Joe Bob's America

Vegas Knows What to Do With a High Roller

May 10, 2017

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Vegas Knows What to Do With a High Roller

PALM BEACH, Fla.—Hunter S. Thompson used to mail me giant photos of objects being blown to smithereens with dynamite or flung from some kind of skeet contraption so they could be exploded midair, and in most cases he was both the photographer and the destroyer. He would scrawl the precise date and time of the explosion on the bottom of the photo and copy it to the sheriff of Pitkin County, Colorado, who had repeatedly warned Thompson that he was in possession of illegal military ordnance, that he was in violation of pyrotechnic laws, and that he was in imminent danger of jail. As a Second Amendment radical, Thompson wanted to document exactly when, where, and how he had violated the law, then dare the law to do something about it. To me he would just write, “I’m on it.”

I tell this story to people who sometimes question the great Ur-text of gonzo journalism, Fear and Loathing in Las Vegas, disputing whether Thompson really did disrupt the National District Attorneys’ Association Institute on Narcotics and Dangerous Drugs while bugged out on mescaline, blotter acid, cocaine, uppers, downers, screamers, tequila, rum, beer, ether, and poppers.

He really did. He may have written it down later, when he was more lucid, but tromping all over the legs of district attorneys who had gathered at the Dunes to discuss how to hunt down deviates just like him was, in my opinion, one of the transcendent moments in American reporting.

Which is why, if you’re going to write a book about Las Vegas and call it “gonzo,” you’d better be ready to get down and dirty.

Aimee Groth went to Vegas to write what she calls “gonzo journalism”—in fact, according to her publisher, “fearless gonzo journalism”—without carrying the tool kit. She needed a stick of dynamite and a bazooka for targets that were huge and inviting, but ended up approaching them like a Vassar coed writing a sociology paper on sexual harassment.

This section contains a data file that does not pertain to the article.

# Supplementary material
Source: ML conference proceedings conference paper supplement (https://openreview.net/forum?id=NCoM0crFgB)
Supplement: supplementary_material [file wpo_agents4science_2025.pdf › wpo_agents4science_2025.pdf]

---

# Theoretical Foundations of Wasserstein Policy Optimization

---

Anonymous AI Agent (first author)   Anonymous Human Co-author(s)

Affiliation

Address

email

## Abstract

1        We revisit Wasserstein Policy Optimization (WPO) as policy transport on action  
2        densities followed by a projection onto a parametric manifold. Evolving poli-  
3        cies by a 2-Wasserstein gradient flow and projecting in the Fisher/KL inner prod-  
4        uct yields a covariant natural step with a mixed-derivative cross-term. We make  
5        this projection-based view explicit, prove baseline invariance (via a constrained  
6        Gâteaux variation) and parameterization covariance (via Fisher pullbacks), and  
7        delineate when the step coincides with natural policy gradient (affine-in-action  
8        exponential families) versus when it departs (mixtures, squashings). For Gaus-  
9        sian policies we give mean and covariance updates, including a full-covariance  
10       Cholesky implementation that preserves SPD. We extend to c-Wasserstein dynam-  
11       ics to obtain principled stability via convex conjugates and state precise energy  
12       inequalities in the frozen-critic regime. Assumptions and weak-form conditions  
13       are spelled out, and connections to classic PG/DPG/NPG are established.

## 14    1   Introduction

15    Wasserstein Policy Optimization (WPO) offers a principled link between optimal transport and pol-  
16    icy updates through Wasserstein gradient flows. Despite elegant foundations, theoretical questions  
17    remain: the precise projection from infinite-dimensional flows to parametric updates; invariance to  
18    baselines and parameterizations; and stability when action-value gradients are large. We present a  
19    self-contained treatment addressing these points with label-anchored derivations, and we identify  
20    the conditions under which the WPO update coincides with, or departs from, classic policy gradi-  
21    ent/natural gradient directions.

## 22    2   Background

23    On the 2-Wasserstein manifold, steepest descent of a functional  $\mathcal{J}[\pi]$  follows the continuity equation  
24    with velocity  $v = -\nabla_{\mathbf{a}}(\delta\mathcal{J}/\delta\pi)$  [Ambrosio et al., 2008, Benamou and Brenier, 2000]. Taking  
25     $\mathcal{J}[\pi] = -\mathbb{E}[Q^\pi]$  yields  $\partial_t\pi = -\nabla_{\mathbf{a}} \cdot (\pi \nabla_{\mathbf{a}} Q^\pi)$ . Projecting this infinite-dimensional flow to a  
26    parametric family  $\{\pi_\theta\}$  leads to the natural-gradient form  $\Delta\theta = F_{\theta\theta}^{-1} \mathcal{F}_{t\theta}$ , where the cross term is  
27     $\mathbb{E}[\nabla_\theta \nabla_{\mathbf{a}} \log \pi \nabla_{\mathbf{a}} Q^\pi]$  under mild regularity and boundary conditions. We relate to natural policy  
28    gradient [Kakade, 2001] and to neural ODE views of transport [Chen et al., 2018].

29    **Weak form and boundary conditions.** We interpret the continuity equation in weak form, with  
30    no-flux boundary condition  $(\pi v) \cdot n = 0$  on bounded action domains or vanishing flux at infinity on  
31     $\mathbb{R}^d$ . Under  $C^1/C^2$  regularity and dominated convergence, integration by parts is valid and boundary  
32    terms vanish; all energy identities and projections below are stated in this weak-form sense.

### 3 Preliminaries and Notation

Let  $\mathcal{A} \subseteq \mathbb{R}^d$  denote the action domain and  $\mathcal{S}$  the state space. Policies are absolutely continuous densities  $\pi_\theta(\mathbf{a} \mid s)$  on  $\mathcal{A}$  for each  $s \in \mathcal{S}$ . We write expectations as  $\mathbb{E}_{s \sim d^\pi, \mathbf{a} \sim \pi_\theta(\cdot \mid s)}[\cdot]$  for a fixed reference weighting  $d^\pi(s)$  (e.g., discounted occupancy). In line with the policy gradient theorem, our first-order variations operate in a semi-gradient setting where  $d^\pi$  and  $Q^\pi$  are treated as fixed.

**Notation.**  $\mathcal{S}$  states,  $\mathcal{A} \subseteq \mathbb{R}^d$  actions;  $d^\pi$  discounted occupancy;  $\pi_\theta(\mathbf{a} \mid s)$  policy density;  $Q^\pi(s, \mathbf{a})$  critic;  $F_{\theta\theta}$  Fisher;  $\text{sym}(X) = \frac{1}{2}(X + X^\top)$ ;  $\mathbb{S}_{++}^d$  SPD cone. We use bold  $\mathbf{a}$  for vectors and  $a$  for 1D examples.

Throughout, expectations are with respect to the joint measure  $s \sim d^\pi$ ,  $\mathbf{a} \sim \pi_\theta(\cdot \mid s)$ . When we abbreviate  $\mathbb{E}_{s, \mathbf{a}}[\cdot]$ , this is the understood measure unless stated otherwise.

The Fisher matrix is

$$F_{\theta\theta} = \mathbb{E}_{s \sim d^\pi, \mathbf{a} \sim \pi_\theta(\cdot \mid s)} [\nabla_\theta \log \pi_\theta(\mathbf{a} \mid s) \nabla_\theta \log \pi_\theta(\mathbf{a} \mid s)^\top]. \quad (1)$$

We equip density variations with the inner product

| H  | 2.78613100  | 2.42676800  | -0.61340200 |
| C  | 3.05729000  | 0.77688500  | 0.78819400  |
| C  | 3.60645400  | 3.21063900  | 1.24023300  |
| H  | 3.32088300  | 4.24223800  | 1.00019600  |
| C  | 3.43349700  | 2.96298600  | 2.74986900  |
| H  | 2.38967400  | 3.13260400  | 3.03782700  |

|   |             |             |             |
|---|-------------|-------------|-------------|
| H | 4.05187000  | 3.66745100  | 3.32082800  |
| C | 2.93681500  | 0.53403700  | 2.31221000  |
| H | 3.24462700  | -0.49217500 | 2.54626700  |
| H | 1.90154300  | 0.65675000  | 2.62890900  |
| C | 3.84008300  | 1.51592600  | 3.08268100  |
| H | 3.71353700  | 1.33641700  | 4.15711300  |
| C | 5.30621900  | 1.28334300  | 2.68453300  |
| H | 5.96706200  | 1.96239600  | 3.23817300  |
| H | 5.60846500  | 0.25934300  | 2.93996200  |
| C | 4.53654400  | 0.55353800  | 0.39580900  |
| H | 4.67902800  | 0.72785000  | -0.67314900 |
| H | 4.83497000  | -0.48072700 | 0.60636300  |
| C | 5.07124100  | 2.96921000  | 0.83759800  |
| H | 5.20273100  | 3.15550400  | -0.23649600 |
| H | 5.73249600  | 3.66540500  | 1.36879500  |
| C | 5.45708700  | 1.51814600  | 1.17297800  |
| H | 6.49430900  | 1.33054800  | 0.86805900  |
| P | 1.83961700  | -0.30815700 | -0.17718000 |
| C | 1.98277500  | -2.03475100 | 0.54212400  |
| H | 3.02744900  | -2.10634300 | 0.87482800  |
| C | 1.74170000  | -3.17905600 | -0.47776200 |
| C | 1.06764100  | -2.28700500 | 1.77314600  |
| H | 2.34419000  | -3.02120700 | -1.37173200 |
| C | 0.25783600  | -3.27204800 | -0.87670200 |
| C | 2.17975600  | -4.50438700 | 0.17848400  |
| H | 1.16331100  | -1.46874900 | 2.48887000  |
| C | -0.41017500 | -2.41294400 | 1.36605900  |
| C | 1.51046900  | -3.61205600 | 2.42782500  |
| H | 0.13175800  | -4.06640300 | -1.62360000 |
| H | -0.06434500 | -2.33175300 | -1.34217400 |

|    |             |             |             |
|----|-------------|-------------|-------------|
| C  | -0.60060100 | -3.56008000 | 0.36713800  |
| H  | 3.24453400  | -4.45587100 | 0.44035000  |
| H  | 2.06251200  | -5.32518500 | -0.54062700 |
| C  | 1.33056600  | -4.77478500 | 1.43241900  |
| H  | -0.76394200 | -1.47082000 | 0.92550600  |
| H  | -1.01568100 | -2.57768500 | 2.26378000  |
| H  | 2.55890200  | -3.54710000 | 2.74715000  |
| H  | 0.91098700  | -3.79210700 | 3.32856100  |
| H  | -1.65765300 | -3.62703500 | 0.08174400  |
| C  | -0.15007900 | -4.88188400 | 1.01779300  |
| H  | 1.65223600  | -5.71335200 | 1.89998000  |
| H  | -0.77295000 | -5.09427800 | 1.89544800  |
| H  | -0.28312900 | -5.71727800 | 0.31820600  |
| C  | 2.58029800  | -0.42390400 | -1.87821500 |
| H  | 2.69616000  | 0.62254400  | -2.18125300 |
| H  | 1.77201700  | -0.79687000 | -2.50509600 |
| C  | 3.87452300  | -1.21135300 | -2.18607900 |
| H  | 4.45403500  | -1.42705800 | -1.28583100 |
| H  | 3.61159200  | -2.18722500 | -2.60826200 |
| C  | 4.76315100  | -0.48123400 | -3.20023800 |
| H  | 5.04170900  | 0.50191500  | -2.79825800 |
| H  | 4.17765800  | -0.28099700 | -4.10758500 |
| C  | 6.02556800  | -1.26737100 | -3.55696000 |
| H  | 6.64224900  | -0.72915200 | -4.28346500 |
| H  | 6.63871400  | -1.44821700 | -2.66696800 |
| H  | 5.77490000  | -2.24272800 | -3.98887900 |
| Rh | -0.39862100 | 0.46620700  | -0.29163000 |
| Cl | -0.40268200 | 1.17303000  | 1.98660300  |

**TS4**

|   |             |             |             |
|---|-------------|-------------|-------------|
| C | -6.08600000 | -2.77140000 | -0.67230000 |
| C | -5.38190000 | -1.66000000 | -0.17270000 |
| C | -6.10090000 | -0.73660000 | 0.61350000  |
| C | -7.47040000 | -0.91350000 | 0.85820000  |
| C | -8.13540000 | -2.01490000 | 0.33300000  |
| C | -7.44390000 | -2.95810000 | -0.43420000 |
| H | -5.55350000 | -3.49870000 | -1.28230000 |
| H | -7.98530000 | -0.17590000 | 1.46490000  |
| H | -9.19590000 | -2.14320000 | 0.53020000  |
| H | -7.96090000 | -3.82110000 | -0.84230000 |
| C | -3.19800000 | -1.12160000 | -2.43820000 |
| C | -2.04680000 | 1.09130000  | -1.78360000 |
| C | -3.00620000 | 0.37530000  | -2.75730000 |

Her book is called The Kingdom of Happiness: Inside Tony Hsieh’s Zapponian Utopia, and it describes a journalism project that was kind of doomed from the start. In 2013 Groth quit her job as an editor at Business Insider in New York in order to immerse herself in the hipster commune–cum–start-up accelerator–cum–urban renewal project–cum–weirdbeard performance-art scene known as the Las Vegas Downtown Project, initiated by Zappos.com cofounder Tony Hsieh, who believes that life should be based on the Ten Principles of Burning Man. Hsieh is one of those Silicon Valley capitalists who believes life is an extended version of summer camp, so even though he’s well into his 40s, he’s still collecting merit badges.

“If you’re going to write a book about Las Vegas and call it ‘gonzo,’ you’d better be ready to get down and dirty.”

He constantly spouts “better living” bromides normally not heard outside Deep South sports arenas and feel-good megachurches, including ideas derived from self-help books, positive-thinking books, management-theory books, the rave code (Peace Love Unity Respect), the Aspen Ideas Festival, the culture of SXSW in Austin, the wisdom gleaned from Silicon Valley’s sacred mountain in Eden, Utah, where Summit Series gurus dwell, the Electric Daisy Carnival, Further Future…and I hope I haven’t left out any of the other gatherings where people live in luxury yurts and ingest psychedelic Molly crystals while dancing in animal costumes. I don’t know if they have a name for this mindset in Silicon Valley, but I would suggest Nirvana Aggregator.